In Ontario, GD recovers and recycles waste polyethylene pipe.
Hazardous and Non-Hazardous Waste by Weight and Disposal Method - 2014 is the first year for which we are reporting the estimated total weight of hazardous and non-hazardous waste – by disposal method – of our GD business segment.
|Landfill cover and capping
Note: The waste disposal method was derived from information provided by GD’s waste contractors. The year-over-year increase in hazardous waste in 2014 is due to an increase in work activities and the fact that GD replaced underground storage tanks at two locations. We did not transport any waste across international borders.
Air Emissions Management
NOx, SOx and Other Significant Air Emissions- The major air emissions that our facilities release include carbon monoxide, nitrogen oxides (NOx) and volatile organic compounds (VOCs). Other contaminants that they release, but in much smaller quantities, include sulphur dioxide (SO2), hydrogen sulphide (H2S), particulate matter and hazardous air pollutants such as hexane.
We work to keep air emissions from our operations below regulated limits. In some cases, we have exceeded regulatory requirements and have installed environmentally friendly technologies in our facilities that reduce air contaminant emissions.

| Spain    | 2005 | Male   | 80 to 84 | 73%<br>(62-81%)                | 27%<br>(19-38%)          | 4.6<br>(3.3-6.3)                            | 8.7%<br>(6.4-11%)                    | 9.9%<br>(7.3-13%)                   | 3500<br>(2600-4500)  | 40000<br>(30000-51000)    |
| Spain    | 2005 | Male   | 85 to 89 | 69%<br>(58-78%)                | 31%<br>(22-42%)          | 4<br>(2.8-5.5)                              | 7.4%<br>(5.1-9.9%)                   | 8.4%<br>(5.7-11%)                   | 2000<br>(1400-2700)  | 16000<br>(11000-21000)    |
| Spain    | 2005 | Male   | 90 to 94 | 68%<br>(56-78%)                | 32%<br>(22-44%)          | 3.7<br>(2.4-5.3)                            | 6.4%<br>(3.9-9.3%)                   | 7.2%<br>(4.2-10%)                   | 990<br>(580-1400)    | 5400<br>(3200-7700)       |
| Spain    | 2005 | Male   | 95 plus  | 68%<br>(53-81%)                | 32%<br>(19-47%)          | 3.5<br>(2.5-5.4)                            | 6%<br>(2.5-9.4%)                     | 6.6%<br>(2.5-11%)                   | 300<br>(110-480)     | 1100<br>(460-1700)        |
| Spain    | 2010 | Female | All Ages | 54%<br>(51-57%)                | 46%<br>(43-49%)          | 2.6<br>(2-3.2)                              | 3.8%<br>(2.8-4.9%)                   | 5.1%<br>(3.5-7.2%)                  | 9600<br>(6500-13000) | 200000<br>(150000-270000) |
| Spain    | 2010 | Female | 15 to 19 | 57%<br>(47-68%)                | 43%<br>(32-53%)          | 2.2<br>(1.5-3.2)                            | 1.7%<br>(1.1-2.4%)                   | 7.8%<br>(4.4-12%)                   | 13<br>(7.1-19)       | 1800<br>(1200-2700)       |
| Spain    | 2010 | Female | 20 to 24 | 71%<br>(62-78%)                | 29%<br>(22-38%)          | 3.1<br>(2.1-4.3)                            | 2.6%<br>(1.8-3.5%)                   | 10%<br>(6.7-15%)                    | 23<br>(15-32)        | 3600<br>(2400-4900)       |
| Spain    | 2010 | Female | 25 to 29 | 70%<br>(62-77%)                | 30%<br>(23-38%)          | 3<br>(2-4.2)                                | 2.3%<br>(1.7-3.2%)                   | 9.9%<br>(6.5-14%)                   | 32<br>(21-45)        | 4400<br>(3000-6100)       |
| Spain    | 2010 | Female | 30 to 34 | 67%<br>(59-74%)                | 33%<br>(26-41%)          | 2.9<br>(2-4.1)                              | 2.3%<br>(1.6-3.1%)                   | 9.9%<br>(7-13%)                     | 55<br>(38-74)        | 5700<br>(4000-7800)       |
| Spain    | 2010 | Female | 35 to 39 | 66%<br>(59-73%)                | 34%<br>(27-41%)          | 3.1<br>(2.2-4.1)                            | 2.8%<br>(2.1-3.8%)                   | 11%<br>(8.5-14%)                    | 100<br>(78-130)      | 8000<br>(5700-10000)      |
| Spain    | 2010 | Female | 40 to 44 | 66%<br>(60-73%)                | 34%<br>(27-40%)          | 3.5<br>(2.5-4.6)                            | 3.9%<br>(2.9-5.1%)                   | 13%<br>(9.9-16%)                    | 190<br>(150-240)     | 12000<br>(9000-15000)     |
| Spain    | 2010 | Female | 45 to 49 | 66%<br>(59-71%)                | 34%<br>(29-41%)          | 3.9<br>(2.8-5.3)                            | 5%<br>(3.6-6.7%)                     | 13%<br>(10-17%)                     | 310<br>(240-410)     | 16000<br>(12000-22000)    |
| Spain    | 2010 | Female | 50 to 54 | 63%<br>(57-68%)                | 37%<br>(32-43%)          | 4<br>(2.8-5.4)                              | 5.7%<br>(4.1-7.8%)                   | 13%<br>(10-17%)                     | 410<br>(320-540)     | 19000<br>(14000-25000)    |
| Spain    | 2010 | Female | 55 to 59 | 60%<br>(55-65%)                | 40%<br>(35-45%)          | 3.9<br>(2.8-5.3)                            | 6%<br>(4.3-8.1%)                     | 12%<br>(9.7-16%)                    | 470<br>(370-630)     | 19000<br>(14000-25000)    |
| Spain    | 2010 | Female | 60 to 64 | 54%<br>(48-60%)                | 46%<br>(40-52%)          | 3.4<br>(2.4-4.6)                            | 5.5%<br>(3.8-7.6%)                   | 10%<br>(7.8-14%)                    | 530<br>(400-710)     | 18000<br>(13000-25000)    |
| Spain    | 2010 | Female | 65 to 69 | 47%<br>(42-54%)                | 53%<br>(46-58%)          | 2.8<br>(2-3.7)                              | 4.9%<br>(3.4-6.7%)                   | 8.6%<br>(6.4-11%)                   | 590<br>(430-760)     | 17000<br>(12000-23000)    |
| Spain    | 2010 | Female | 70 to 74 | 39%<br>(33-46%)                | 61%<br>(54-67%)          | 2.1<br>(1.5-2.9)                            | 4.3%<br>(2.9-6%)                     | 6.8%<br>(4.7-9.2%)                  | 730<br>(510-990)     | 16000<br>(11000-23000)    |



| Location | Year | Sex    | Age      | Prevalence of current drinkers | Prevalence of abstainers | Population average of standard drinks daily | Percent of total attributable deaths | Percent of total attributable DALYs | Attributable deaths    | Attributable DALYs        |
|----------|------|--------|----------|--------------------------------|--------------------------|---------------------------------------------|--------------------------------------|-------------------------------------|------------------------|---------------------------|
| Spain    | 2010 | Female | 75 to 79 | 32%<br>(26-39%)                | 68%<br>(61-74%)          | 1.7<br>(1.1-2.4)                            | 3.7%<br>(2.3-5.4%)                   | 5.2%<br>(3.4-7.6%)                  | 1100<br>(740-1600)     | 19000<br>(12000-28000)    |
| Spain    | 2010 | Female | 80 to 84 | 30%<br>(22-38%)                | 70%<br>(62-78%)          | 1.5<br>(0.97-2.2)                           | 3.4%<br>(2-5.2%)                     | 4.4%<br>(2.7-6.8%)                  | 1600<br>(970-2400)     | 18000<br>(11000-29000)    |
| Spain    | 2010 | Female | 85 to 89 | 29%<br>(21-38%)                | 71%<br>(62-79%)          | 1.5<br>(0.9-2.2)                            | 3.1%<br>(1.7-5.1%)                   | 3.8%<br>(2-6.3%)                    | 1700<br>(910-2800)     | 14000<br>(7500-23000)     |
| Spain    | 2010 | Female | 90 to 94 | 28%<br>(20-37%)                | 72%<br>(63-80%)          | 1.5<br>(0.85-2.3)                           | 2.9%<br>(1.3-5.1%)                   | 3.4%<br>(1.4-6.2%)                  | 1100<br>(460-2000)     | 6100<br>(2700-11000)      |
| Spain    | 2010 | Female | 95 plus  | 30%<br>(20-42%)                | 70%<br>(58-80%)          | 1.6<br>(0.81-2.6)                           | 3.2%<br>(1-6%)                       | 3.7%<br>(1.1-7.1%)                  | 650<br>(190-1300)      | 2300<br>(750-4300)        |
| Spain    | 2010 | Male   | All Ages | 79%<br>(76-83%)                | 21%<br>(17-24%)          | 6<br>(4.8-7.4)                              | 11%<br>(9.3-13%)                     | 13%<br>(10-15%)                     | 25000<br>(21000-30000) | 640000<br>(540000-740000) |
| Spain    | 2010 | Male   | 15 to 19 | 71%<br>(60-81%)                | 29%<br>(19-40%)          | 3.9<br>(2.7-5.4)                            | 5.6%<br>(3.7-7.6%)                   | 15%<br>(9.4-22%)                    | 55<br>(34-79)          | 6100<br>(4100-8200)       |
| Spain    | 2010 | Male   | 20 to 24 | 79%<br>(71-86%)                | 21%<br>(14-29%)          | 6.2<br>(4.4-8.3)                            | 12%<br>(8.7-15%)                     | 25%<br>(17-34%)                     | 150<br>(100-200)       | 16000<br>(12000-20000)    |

We base our criteria air contaminant (CAC) emissions estimates on published emission factors applied to fuel use by equipment type. In the case of non-combustion sources, we estimate CAC emissions using modeling programs such as the U.S. EPA’s TANKS program. We also use some site- or equipment-specific emissions factors.
Reporting Criteria Air Contaminants - Criteria air contaminants (CACs) are a group of common air pollutants released through incineration, industrial production, fuel combustion and transportation vehicles. We have established management programs that define our roles, responsibilities and timelines for reporting our CAC emissions to various government agencies in Canada and the U.S.
In Canada, LP and GD track and report annual CAC emissions under the National Pollutant Release Inventory (NPRI). The CACs covered under the regulation include NOx, SO2, VOCs, carbon monoxide and particulate matter. In the U.S., both LP and GPP monitor and report on CAC emissions in compliance with state and federal regulations.
Liquids Pipelines – Within LP’s operations, the main source of VOC emissions is losses from storage tanks, while the main source of NOx emissions is combustion equipment.
Air emissions levels vary from year to year depending on a number of factors, including throughput of products at terminals, product composition, maintenance activities such as tank cleaning, implementation of pollution prevention projects and the amounts of fuel used in combustion equipment.
The tables below summarize LP’s CAC information reported in its jurisdictions:
Liquids Pipelines Canada
|NOx (as NO2)
Liquids Pipelines U.S.